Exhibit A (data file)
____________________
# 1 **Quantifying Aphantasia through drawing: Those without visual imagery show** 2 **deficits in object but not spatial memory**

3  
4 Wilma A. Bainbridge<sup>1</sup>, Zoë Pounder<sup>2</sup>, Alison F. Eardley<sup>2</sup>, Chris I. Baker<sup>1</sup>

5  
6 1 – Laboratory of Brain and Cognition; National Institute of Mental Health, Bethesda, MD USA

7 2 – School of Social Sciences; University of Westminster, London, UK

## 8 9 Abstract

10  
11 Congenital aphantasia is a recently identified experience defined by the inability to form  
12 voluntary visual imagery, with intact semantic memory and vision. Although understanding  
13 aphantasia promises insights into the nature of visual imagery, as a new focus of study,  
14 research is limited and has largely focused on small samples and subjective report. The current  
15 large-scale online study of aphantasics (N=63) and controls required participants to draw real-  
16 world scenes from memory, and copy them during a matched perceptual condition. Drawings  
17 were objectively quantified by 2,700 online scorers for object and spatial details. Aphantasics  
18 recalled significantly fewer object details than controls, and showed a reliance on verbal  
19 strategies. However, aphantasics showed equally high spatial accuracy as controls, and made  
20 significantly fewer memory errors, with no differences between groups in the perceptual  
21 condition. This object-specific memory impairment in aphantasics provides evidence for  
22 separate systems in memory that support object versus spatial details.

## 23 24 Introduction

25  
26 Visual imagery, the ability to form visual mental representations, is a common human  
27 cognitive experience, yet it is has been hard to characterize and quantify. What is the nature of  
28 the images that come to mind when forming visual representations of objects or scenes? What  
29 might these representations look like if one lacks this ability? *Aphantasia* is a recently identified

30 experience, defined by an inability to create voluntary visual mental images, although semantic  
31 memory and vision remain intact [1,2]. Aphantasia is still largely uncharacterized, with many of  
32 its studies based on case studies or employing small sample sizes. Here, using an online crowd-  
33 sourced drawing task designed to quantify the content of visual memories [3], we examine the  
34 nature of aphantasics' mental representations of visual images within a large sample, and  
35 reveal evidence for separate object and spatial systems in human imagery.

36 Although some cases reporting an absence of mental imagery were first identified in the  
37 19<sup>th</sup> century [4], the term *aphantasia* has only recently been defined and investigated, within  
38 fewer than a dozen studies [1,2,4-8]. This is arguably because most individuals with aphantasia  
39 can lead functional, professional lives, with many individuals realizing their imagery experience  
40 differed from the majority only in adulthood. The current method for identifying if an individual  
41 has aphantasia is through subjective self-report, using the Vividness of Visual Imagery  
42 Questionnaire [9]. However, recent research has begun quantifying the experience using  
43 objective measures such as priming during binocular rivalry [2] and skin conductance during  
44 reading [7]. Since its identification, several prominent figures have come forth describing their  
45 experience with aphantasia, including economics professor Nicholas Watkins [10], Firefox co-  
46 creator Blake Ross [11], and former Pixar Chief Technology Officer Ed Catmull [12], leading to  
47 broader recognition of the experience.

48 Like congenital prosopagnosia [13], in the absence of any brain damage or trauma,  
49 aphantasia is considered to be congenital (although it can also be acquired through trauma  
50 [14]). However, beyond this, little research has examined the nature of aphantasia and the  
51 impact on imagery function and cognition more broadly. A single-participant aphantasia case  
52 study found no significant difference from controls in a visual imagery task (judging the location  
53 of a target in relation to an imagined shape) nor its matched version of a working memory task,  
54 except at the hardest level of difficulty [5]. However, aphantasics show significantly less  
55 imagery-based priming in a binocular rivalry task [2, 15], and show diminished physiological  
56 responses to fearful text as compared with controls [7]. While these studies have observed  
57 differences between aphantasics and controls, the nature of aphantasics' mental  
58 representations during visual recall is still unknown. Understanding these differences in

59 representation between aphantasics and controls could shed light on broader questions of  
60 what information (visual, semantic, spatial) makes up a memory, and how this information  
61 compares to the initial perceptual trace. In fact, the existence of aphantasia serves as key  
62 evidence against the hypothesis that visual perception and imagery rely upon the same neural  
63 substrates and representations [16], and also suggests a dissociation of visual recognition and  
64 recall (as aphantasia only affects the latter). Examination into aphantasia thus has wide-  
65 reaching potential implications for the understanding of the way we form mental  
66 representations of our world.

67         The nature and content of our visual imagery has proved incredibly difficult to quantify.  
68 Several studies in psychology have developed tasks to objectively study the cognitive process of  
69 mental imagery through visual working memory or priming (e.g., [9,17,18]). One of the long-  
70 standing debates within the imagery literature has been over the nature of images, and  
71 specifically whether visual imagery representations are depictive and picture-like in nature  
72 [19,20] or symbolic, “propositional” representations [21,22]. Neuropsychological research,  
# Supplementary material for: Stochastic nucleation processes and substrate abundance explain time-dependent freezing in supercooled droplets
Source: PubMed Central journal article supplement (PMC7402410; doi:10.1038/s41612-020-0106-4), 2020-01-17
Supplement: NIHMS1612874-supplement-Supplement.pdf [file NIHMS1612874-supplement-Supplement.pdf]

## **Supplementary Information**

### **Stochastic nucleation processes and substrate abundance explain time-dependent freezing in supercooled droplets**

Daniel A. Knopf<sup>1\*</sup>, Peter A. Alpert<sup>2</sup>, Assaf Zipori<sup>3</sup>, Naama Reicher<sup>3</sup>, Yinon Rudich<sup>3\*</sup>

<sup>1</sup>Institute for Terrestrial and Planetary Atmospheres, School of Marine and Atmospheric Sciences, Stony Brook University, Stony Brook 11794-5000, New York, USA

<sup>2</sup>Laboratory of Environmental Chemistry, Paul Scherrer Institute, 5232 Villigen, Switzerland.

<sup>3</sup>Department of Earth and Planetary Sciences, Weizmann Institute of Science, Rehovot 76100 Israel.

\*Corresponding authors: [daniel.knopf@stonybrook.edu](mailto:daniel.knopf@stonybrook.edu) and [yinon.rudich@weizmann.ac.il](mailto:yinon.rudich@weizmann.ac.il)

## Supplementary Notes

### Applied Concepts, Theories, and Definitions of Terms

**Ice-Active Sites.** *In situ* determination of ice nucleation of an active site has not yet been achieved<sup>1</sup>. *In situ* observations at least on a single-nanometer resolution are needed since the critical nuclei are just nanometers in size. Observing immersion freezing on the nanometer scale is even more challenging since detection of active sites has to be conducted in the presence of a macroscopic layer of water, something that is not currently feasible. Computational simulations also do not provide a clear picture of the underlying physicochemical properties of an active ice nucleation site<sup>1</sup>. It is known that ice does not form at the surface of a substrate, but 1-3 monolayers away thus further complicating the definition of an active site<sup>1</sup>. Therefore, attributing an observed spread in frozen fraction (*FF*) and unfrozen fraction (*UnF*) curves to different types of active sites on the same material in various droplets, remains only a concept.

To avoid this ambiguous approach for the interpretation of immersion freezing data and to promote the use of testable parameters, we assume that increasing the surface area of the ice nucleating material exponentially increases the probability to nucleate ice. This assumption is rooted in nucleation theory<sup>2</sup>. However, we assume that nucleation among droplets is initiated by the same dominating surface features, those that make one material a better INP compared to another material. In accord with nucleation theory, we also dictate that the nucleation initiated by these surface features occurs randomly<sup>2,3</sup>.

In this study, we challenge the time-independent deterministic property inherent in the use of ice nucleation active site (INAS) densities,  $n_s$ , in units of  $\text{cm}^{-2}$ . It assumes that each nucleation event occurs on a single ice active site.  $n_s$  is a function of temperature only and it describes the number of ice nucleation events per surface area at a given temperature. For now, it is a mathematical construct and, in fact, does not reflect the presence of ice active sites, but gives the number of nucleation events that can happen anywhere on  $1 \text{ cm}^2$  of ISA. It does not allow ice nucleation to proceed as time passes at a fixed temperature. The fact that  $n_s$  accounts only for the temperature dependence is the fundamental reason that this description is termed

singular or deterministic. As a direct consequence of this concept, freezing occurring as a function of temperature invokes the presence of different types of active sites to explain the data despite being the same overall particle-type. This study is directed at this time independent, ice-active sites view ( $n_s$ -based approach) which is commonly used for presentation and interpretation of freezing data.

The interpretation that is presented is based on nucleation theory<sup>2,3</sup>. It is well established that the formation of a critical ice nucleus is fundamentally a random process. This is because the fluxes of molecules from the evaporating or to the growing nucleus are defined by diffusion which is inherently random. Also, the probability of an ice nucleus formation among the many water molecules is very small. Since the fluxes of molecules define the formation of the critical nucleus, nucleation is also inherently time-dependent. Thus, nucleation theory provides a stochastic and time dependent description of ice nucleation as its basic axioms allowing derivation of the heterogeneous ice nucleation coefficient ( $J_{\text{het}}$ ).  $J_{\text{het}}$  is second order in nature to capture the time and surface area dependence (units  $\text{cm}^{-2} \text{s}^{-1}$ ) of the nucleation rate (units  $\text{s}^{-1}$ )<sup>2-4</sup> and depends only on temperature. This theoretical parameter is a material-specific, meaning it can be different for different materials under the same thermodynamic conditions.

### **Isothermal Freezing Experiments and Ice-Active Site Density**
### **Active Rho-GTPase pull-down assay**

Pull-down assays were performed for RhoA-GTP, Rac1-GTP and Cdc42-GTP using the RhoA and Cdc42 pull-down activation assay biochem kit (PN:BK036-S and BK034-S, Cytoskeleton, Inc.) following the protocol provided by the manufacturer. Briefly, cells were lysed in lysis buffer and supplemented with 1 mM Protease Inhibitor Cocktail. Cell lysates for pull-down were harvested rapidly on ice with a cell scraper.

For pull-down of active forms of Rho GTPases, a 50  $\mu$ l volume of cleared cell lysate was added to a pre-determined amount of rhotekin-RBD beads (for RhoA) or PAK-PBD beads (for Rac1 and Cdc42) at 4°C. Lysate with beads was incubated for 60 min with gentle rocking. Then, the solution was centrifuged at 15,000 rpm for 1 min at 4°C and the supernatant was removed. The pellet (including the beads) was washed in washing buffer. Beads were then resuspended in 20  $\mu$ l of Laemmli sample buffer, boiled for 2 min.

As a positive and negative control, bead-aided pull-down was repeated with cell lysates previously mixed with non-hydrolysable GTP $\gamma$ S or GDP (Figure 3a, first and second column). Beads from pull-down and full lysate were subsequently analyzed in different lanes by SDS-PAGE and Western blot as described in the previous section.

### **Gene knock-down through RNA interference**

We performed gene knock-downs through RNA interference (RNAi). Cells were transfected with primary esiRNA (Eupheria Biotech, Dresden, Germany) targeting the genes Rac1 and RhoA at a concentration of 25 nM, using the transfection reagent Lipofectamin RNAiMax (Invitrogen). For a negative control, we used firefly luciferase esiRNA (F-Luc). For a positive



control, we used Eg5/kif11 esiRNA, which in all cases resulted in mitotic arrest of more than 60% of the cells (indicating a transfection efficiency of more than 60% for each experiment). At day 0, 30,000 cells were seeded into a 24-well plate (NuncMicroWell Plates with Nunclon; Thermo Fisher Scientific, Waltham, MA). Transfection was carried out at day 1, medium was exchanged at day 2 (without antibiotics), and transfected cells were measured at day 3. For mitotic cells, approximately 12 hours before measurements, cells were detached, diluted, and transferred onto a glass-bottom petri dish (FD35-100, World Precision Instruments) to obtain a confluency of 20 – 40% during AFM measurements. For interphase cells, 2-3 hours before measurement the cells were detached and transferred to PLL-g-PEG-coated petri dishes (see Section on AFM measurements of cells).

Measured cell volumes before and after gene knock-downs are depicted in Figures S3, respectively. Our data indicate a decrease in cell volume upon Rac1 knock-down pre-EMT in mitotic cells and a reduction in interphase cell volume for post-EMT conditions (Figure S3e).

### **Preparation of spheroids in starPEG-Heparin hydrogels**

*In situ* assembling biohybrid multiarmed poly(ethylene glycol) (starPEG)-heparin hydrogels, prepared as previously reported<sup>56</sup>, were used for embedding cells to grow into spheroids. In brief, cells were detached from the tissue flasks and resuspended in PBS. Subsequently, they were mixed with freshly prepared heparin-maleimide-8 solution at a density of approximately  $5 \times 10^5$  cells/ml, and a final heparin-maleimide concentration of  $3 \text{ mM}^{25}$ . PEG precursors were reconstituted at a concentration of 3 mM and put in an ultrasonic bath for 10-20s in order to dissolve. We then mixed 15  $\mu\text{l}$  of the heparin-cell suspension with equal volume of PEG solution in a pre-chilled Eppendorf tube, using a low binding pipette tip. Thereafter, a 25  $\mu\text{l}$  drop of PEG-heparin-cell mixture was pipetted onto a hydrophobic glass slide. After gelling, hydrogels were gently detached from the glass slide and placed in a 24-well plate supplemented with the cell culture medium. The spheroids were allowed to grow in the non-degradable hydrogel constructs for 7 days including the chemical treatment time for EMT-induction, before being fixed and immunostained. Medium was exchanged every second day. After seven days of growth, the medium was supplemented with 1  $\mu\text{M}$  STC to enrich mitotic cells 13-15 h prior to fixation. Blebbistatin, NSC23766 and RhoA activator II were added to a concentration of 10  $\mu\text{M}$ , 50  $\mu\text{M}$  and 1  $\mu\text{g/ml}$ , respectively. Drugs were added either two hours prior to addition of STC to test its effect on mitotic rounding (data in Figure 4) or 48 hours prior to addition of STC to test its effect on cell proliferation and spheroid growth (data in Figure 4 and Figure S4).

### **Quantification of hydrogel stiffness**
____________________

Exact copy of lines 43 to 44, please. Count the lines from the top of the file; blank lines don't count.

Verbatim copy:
46 creator Blake Ross [11], and former Pixar Chief Technology Officer Ed Catmull [12], leading to  
47 broader recognition of the experience.